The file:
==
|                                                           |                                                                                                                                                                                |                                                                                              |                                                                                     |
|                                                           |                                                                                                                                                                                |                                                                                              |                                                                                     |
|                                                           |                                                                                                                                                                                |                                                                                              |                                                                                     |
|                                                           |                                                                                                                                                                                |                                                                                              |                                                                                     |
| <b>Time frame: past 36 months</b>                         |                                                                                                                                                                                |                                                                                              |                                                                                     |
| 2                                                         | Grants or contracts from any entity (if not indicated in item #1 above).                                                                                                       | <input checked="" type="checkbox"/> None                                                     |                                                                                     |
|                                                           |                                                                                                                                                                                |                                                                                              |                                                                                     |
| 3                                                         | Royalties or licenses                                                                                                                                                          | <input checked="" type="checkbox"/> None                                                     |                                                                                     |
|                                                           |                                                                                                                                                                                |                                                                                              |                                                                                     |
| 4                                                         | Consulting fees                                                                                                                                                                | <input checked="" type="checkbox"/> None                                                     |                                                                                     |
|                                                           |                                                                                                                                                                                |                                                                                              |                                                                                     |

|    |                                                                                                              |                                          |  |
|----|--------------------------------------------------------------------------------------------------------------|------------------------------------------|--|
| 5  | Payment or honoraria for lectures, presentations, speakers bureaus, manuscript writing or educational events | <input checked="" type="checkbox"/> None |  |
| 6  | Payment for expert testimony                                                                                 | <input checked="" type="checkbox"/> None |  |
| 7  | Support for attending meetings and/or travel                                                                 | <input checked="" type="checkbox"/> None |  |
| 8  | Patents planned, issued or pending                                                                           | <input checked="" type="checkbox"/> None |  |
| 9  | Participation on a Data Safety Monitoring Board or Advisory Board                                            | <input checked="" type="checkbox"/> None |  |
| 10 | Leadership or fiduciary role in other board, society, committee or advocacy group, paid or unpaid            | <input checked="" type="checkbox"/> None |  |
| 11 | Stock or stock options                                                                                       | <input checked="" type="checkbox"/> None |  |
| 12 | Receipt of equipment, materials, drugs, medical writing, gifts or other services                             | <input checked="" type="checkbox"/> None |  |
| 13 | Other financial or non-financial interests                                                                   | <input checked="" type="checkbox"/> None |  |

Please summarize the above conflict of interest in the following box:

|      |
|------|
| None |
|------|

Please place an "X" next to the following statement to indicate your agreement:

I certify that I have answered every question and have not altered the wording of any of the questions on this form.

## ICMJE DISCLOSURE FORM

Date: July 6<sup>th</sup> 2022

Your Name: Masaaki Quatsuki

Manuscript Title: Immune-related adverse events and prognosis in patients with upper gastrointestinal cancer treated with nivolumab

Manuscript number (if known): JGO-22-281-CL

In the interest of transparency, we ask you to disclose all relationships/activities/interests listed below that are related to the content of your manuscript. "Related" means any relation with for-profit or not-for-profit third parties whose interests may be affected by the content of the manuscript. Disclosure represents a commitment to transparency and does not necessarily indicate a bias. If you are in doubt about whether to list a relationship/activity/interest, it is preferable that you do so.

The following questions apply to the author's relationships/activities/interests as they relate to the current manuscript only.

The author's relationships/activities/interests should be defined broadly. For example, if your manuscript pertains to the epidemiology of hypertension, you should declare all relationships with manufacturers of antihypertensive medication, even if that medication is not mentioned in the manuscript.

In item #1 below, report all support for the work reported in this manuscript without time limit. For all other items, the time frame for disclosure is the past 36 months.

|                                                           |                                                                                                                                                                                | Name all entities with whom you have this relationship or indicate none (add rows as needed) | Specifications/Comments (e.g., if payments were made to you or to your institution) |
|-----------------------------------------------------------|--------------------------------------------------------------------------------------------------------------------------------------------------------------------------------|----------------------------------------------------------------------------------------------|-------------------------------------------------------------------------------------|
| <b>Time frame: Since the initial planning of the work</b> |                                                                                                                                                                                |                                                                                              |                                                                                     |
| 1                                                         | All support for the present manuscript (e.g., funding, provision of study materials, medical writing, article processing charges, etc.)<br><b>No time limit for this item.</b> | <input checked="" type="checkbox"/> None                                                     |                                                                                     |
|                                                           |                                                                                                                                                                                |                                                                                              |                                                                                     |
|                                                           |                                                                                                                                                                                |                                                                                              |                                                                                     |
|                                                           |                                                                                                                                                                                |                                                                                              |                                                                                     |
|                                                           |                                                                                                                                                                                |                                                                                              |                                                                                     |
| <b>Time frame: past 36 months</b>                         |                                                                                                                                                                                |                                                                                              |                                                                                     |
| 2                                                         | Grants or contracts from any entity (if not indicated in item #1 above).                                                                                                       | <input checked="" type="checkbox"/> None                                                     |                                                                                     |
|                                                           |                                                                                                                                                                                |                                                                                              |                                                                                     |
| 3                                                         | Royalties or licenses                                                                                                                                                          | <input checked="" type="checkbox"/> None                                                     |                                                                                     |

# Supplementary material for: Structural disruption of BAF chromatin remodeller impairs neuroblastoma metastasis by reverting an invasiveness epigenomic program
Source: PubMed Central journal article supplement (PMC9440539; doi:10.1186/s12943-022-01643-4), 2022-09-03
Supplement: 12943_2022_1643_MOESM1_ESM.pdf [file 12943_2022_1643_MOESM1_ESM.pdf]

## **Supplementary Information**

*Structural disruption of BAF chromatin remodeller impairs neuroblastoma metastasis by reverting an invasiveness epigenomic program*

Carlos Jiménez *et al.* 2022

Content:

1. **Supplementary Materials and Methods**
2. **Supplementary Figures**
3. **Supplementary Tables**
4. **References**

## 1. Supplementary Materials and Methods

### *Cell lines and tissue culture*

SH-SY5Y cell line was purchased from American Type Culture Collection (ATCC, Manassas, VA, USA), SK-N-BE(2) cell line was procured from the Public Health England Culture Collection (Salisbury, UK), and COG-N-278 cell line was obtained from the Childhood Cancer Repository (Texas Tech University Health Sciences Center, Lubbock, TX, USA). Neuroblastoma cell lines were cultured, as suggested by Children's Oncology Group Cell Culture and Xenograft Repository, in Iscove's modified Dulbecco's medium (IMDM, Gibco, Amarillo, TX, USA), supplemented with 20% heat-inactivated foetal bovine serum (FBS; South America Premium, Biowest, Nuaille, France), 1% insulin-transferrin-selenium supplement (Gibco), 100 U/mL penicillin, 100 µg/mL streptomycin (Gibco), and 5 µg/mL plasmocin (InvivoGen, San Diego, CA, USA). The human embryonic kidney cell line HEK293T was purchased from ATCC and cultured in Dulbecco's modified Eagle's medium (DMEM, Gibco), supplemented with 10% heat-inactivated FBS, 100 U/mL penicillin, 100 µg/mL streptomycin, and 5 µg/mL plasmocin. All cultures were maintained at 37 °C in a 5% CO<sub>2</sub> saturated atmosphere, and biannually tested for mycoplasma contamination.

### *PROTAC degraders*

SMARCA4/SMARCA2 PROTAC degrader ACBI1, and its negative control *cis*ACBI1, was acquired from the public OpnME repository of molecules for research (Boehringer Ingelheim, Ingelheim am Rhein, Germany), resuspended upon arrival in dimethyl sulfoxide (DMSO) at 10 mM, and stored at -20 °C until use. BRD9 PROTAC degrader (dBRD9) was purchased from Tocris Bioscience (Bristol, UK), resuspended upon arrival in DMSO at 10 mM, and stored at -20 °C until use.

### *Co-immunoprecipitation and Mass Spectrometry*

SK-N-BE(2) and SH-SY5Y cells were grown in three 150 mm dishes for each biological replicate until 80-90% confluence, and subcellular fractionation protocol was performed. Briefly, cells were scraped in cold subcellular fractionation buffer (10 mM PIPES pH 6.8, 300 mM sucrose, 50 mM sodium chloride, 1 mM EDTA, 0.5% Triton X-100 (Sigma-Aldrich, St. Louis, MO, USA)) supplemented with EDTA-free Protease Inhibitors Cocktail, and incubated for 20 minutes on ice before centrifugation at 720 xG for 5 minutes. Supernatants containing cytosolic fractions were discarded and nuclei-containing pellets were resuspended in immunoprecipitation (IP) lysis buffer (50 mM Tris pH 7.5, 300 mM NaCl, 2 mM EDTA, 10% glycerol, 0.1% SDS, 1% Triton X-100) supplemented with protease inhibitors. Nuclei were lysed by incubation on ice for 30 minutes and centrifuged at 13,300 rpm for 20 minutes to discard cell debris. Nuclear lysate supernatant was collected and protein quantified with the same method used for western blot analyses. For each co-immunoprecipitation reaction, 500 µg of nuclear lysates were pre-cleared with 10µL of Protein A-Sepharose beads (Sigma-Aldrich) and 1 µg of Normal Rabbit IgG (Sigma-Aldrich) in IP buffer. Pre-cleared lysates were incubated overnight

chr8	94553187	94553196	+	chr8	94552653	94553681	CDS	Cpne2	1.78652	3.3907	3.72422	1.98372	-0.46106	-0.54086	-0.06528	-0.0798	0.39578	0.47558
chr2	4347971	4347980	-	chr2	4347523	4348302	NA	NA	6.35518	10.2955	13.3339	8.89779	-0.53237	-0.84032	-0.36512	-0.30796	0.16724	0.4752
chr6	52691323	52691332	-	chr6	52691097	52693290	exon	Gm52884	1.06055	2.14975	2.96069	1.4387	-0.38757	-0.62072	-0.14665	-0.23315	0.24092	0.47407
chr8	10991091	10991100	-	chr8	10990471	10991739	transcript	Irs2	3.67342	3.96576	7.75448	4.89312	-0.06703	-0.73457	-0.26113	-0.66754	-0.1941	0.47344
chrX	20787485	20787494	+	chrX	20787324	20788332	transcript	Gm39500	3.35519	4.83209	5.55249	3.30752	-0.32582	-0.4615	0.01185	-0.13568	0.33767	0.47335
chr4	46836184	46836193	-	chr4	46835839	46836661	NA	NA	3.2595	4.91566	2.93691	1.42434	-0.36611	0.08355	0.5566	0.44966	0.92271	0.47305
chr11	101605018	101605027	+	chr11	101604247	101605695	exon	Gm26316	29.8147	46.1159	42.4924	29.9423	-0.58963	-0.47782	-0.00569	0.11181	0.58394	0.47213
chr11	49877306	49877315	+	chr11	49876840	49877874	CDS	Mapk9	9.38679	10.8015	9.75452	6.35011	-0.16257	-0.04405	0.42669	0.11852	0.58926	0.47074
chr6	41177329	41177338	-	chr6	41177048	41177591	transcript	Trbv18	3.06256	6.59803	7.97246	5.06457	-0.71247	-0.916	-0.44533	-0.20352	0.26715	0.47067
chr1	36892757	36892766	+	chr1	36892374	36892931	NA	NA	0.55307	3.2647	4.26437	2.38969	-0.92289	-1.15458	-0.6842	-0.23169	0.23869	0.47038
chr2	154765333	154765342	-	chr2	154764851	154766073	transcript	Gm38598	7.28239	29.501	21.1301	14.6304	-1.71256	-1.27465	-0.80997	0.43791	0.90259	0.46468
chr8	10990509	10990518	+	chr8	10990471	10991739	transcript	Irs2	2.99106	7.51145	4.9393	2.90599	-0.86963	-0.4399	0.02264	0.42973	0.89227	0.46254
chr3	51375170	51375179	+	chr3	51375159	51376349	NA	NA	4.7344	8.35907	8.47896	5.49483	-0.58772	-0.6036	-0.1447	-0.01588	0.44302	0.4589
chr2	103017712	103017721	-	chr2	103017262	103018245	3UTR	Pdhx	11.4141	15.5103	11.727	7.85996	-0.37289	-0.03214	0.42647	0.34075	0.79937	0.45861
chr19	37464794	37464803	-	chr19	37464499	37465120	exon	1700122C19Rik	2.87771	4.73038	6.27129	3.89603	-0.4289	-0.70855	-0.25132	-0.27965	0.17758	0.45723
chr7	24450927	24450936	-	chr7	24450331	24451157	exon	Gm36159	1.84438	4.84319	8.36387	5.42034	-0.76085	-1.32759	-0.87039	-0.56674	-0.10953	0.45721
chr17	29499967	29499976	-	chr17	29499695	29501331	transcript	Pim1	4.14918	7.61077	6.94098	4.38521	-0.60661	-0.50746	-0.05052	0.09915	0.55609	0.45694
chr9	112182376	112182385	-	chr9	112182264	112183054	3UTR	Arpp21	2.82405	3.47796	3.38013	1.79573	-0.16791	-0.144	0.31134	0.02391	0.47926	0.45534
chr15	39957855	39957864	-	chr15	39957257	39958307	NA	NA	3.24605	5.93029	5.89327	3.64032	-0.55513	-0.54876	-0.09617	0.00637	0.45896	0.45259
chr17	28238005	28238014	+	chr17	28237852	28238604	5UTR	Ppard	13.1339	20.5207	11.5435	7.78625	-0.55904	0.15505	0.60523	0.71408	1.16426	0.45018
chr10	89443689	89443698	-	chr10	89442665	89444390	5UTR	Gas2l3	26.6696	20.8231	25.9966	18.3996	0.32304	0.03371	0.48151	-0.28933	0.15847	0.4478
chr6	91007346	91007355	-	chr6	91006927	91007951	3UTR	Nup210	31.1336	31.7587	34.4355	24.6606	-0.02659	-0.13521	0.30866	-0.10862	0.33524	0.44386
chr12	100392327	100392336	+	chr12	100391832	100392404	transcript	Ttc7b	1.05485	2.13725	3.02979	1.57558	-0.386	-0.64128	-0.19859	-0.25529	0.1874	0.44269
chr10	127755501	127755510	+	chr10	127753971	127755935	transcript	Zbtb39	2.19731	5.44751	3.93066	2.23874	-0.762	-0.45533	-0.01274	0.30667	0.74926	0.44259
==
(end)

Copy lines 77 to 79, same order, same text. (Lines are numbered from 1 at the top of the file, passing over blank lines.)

chr6	41177329	41177338	-	chr6	41177048	41177591	transcript	Trbv18	3.06256	6.59803	7.97246	5.06457	-0.71247	-0.916	-0.44533	-0.20352	0.26715	0.47067
chr1	36892757	36892766	+	chr1	36892374	36892931	NA	NA	0.55307	3.2647	4.26437	2.38969	-0.92289	-1.15458	-0.6842	-0.23169	0.23869	0.47038
chr2	154765333	154765342	-	chr2	154764851	154766073	transcript	Gm38598	7.28239	29.501	21.1301	14.6304	-1.71256	-1.27465	-0.80997	0.43791	0.90259	0.46468